How To Manage Our Coronavirus Anxiety on 'Red Table Talk'

This episode of Red Table Talk finds psychologist Dr. Ramani and motivational speaker Jay Shetty at the red table along with hosts Jada Pinkett-Smith, her daughter Willow Smith, and her mother Adrienne Banfield-Norris. Together they tackle the topic of anxiety due to the coronavirus pandemic. How can we cope with the grief, the uncertainty, and the overwhelming fear, in some cases, of the pandemic’s effects on our physical and mental health, our economy, our futures? Dr. Ramani says a routine has been helpful for her; Jay is trying to concentrate on what he can do to be helpful. But there are a lot of tools to help calm our minds and help us focus on what we can control, stay present, and be gentle with ourselves.

First of all, Dr. Ramani wants us all to understand that we are not “crazy.” Usually, our frontal cortex is the part of our brain that drives the car, she explains, but right now we’re all at the mercy of our amygdalas, the part of the brain that is “all fear, all the time.” Everything feels like a threat, even normal things like giving hugs or going to the grocery store. And on top of that, everyone is grieving, too. Many people are grieving for friends or family members who have died; even more of us are grieving for other losses, like career opportunities, promotions, wedding ceremonies, rites of passage like proms and graduations, cancelled events or vacations, and more. “People are feeling guilt over their grief, like ‘Who am I to be grieving when everyone is dying and sick?’ But it’s okay to grieve,” Dr. Ramani says. “There is no loss too small.” Jay advises saying it out loud, even if no one is listening. “When you hear yourself, you get to be objective for yourself,” he points out.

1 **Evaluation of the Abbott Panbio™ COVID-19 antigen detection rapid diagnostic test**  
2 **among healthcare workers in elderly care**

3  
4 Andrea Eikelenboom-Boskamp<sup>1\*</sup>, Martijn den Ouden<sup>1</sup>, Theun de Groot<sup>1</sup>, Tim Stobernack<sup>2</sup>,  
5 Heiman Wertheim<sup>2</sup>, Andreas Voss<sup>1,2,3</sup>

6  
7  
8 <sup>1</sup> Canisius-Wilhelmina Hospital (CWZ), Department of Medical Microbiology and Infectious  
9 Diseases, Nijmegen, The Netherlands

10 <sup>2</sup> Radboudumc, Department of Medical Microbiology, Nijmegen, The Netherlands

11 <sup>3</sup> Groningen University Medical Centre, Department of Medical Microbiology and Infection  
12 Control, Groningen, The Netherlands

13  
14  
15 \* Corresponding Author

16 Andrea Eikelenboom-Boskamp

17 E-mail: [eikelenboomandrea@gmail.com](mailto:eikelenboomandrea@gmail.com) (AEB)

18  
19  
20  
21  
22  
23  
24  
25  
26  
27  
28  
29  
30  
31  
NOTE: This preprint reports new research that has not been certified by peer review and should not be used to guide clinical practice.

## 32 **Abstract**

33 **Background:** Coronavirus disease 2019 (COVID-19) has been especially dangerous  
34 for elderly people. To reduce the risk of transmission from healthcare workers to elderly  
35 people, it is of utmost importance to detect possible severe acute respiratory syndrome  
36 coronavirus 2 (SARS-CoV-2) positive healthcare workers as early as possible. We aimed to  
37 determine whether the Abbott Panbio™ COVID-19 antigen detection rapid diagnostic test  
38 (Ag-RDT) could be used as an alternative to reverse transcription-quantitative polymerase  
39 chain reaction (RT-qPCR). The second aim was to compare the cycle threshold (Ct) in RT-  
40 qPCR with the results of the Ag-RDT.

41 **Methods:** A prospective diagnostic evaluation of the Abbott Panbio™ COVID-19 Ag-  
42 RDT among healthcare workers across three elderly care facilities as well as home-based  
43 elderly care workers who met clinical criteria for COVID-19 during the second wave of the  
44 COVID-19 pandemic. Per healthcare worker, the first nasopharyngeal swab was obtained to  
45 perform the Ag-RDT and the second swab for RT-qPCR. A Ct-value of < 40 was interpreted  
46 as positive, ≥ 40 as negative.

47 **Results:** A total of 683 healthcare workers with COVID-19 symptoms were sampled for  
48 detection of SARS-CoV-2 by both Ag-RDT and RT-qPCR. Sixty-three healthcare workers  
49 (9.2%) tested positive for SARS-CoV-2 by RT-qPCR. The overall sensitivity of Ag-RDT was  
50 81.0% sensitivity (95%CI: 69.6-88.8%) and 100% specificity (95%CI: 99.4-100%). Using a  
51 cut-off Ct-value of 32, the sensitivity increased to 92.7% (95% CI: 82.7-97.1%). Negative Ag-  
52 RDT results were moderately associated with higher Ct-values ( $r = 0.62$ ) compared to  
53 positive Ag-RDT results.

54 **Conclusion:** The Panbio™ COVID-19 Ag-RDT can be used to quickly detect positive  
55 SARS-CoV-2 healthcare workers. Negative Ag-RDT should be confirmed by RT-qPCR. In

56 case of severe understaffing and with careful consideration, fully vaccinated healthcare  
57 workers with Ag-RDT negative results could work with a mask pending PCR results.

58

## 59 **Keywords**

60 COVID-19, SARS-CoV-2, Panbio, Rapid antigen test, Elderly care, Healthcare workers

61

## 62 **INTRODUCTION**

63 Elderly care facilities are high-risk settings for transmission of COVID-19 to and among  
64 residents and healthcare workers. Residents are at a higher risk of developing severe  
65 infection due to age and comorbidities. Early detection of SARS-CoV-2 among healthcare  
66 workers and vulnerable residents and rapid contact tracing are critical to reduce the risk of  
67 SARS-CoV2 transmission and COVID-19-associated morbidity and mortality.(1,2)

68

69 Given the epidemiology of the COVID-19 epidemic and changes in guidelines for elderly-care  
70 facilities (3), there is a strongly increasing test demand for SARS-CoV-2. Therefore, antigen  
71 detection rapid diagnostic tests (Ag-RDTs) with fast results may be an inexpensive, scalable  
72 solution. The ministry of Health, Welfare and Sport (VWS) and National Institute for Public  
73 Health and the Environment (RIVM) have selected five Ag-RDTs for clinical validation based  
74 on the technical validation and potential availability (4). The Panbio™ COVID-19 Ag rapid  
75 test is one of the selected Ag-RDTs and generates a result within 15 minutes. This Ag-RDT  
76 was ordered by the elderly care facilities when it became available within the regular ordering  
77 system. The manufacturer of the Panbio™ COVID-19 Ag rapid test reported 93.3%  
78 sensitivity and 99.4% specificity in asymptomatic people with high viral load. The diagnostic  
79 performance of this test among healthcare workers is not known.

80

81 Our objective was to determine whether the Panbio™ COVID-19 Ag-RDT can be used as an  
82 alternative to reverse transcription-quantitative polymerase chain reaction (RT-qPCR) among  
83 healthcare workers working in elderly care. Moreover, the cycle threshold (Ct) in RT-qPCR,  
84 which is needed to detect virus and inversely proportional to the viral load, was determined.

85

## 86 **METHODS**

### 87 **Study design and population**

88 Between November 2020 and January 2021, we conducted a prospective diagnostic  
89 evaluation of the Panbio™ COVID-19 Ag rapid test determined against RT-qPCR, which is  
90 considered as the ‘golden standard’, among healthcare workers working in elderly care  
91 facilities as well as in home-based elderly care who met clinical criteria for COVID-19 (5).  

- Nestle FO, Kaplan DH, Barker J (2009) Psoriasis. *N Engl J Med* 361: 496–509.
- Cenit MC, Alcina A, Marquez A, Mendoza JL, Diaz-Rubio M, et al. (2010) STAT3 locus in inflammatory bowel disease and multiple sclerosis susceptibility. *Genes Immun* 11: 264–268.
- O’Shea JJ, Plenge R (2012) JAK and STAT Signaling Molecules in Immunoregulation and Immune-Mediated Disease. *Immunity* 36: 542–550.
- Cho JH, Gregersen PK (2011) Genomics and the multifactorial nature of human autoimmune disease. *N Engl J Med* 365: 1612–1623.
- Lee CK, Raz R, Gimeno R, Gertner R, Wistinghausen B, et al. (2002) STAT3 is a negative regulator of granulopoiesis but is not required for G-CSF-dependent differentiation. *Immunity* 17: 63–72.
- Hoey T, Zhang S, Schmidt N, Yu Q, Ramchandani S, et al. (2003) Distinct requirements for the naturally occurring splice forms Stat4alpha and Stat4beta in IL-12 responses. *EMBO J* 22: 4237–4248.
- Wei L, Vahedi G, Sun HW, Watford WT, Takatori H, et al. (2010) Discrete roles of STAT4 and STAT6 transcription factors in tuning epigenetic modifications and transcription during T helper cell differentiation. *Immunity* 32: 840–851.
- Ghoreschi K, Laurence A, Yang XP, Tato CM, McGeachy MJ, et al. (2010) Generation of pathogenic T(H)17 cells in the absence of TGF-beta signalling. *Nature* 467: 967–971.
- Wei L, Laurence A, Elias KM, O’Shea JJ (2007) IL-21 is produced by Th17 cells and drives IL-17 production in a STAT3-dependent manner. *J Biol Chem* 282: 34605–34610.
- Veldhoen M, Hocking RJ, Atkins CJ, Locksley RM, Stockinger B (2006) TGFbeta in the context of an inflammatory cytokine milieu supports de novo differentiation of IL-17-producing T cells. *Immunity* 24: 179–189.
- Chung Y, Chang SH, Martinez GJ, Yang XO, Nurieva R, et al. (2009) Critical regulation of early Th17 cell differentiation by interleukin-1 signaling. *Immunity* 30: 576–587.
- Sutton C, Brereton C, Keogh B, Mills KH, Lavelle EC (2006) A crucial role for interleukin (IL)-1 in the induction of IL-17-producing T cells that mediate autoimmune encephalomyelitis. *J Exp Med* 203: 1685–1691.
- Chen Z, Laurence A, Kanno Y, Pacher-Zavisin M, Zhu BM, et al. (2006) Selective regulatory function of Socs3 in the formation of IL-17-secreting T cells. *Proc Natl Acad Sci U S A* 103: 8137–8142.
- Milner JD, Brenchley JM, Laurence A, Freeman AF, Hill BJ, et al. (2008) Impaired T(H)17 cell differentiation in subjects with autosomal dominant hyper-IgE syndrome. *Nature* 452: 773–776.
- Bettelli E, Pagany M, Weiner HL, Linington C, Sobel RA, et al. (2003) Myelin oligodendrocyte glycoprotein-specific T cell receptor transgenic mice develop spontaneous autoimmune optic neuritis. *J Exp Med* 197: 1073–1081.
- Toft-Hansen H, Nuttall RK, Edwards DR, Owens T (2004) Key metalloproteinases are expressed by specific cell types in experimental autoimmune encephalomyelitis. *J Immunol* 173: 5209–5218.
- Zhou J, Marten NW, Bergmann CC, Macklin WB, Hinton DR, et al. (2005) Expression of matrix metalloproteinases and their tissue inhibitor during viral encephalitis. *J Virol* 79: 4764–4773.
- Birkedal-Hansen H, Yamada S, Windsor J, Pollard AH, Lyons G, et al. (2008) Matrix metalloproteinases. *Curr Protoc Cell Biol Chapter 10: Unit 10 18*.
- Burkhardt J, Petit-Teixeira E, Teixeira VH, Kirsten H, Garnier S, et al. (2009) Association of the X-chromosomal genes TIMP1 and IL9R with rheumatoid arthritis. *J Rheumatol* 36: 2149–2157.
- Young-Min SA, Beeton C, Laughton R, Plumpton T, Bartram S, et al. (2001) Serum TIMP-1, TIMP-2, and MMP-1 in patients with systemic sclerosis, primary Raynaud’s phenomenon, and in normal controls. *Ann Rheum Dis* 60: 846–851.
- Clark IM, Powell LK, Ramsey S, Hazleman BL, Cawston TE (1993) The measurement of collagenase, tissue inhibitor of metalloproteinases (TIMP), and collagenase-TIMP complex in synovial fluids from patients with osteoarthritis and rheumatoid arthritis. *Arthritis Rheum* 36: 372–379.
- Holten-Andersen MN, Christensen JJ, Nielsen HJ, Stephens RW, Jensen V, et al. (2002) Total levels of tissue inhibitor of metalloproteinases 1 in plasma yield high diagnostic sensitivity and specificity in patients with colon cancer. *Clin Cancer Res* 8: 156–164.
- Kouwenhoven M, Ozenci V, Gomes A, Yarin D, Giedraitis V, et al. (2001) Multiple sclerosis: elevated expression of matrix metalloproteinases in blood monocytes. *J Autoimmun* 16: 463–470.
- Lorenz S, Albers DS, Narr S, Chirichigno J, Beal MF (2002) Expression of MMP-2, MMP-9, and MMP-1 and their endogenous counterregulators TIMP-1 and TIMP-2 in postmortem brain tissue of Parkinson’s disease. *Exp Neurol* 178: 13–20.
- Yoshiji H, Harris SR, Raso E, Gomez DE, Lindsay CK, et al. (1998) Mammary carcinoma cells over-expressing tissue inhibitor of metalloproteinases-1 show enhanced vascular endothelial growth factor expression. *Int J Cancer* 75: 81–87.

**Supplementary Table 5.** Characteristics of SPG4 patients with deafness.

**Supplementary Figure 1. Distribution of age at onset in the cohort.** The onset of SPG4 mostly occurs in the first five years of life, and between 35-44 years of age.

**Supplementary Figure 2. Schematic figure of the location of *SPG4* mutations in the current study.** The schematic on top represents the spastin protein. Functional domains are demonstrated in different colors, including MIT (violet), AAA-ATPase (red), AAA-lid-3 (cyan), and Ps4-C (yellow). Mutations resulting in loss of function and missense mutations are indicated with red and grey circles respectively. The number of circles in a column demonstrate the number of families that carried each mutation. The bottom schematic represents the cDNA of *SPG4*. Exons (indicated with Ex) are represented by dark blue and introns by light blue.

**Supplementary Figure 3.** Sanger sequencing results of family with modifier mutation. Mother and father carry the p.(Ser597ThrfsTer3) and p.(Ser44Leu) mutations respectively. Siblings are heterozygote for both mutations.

A lot of us are feeling isolated and alone, as well – or perhaps not alone enough, in the case of quarantined families who may be feeling a little crowded right now. For the first group, Jay says he hopes we begin to “rewire” our relationship to being alone. Instead of “loneliness,” think about the word “solitude” and all it has to offer: chances to be still, to drink tea, read a book, or learn something new. While we can't share space with people right now, we can share experiences virtually: Have dinner together, play a game, anything to help you feel connected. For those of us craving more alone time, he says the biggest mistake is that we’ll communicate our need to be alone to our partners, but not why we need to be alone. So our partners start to wonder if they’ve done something to turn us away from them, and it can cause problems. Instead, ask for specifics: “I need just a couple of hours to myself right now to read, or to take a bath, or whatever.” More than likely, they’ll be grateful for that solitude as well.

They also share some good practices for deep breathing and informal mindfulness that we can practice anytime, anywhere, and answer other listener questions about their specific situations; listen to the episode for all this calming information and much more on Red Table Talk.

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